Being a studio creation, the balance of power is a little more tilted in Laswell’s favor. The drums are granted equal space in the mix, of course, but they’re recorded in an extremely naturalistic manner. Thus, pairing them with an effects-slathered bass (and occasional, minimal keyboard melodies) is an unexpected combination, and one that causes the ear to gravitate toward the spacier, “weirder” sounds. The first track, “Eternal Signs,” begins with what sound like a few seconds of keyboard noodling, before Laswell launches into a strangely familiar melody (it’s close enough to David Bowie‘s “Warszawa” to become a truly torturous earworm) on the bass. And whatever array of pedals he’s playing through doubles his sound and slathers it in gently blurry harmonics, effectively surrounding Graves’s kit in a fog.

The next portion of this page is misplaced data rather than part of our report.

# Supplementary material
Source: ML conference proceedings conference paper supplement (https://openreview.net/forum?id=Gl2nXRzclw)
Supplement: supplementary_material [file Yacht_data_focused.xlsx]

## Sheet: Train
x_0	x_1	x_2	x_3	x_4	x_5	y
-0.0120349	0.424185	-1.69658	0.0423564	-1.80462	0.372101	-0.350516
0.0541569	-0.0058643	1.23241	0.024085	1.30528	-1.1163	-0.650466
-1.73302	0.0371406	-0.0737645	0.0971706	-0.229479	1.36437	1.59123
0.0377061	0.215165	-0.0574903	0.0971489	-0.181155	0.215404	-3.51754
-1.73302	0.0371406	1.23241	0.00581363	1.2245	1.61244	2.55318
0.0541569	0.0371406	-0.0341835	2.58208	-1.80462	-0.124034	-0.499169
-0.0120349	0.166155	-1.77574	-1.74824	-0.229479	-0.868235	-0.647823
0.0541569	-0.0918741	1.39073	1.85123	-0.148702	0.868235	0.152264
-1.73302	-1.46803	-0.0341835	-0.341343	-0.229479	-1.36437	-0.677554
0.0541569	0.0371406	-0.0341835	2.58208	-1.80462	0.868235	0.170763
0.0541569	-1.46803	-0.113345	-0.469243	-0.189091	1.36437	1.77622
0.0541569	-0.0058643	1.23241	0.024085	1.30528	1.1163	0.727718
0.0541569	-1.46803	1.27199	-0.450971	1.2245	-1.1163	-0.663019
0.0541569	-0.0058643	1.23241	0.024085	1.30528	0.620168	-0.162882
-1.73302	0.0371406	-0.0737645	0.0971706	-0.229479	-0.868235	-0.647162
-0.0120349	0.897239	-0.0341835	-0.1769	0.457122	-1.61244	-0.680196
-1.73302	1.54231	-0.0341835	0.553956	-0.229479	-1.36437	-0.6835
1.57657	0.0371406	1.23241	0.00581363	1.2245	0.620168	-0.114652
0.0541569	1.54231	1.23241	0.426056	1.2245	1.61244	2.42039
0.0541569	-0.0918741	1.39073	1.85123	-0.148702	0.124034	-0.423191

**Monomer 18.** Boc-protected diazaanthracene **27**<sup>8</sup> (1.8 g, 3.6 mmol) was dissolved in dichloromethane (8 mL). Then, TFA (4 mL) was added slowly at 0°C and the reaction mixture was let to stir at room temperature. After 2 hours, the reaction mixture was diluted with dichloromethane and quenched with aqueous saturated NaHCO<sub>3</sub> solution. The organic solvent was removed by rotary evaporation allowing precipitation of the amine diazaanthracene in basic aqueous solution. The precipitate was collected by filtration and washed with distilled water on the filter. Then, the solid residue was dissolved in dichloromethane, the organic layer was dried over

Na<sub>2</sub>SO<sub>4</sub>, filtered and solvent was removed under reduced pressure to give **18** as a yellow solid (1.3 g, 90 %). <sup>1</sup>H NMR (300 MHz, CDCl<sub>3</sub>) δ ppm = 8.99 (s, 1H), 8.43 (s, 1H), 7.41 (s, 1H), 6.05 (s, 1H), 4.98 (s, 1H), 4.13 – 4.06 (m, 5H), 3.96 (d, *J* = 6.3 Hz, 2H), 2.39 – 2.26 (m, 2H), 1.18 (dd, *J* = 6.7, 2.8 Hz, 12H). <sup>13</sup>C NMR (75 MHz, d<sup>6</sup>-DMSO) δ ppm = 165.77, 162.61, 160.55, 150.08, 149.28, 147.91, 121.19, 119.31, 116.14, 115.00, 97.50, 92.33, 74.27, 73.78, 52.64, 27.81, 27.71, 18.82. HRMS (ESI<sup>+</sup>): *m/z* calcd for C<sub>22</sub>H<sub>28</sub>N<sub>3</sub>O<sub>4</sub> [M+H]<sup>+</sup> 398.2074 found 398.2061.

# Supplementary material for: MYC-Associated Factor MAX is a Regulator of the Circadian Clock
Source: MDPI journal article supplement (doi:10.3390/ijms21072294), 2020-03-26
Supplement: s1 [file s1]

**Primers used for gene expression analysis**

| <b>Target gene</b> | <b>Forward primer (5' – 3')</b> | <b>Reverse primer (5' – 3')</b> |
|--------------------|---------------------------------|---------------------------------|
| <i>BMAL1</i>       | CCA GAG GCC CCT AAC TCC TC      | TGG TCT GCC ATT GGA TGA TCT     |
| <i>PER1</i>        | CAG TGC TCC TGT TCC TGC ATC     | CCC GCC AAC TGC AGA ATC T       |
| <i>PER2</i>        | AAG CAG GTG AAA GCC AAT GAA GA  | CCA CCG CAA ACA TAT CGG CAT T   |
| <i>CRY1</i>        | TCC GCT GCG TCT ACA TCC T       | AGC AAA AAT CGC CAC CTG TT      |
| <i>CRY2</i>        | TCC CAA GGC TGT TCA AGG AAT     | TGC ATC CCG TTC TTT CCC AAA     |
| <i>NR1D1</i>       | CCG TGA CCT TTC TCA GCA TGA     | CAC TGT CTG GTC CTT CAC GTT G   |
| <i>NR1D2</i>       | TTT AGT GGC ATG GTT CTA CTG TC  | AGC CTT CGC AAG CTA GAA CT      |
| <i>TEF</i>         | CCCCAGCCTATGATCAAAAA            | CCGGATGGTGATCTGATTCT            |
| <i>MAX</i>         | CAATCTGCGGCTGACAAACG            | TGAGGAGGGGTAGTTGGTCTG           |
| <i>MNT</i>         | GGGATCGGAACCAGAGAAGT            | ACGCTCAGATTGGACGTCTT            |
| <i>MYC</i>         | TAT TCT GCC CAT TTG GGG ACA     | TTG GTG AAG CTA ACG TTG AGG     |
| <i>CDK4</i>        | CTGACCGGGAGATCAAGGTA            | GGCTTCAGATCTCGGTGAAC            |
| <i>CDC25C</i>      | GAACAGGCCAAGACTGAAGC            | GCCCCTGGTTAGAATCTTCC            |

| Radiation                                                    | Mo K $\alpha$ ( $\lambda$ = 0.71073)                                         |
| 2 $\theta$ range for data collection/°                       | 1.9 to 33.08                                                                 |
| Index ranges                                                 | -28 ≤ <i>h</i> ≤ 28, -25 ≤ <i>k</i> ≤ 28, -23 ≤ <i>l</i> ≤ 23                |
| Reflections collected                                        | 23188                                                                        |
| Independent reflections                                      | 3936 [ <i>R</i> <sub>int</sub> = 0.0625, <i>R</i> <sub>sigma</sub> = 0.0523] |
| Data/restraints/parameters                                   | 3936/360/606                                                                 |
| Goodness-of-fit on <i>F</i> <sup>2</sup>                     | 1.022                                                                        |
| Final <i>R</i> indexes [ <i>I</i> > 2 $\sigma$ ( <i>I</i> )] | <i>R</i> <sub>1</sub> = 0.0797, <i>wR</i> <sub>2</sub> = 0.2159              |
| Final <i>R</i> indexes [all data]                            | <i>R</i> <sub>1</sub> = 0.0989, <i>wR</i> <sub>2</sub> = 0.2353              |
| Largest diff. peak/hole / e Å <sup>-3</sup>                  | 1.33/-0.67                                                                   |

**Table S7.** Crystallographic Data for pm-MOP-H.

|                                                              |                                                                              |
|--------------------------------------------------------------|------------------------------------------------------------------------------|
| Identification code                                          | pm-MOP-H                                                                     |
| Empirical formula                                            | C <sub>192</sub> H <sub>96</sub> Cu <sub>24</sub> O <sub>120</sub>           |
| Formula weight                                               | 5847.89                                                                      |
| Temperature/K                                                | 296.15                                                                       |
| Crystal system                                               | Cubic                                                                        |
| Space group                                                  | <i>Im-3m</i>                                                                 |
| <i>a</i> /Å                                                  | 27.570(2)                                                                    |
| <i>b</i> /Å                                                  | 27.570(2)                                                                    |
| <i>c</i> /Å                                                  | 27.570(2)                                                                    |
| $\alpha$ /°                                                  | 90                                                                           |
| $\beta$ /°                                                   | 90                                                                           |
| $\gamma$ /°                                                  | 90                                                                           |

The second track, “Sonny Sharrock,” is where the drummer takes over, at least for a little while. His solo is skittery and loose, the hi-hat keeping a frantic pulse tempo (so fast it’s almost a hissing sound) as he bounces all over the rest of the kit, a tap here, a rattle there. Graves’s playing has a buoyancy that other free drummers’ work lacks. His energy is utterly unique, and while he’s not doing anything here that has the aggression he brought to his 1970s albums, it’s still a phenomenally human performance. Even if they’re not exactly playing together, Laswell is definitely influenced by what Graves is doing. His own playing is very exploratory, never settling into the dubby grooves that he’s best known for (and which he maintained when playing with another titan of ’60s free jazz, Rashied Ali, in the one-off trio Purple Trap, which also featured guitarist Keiji Haino).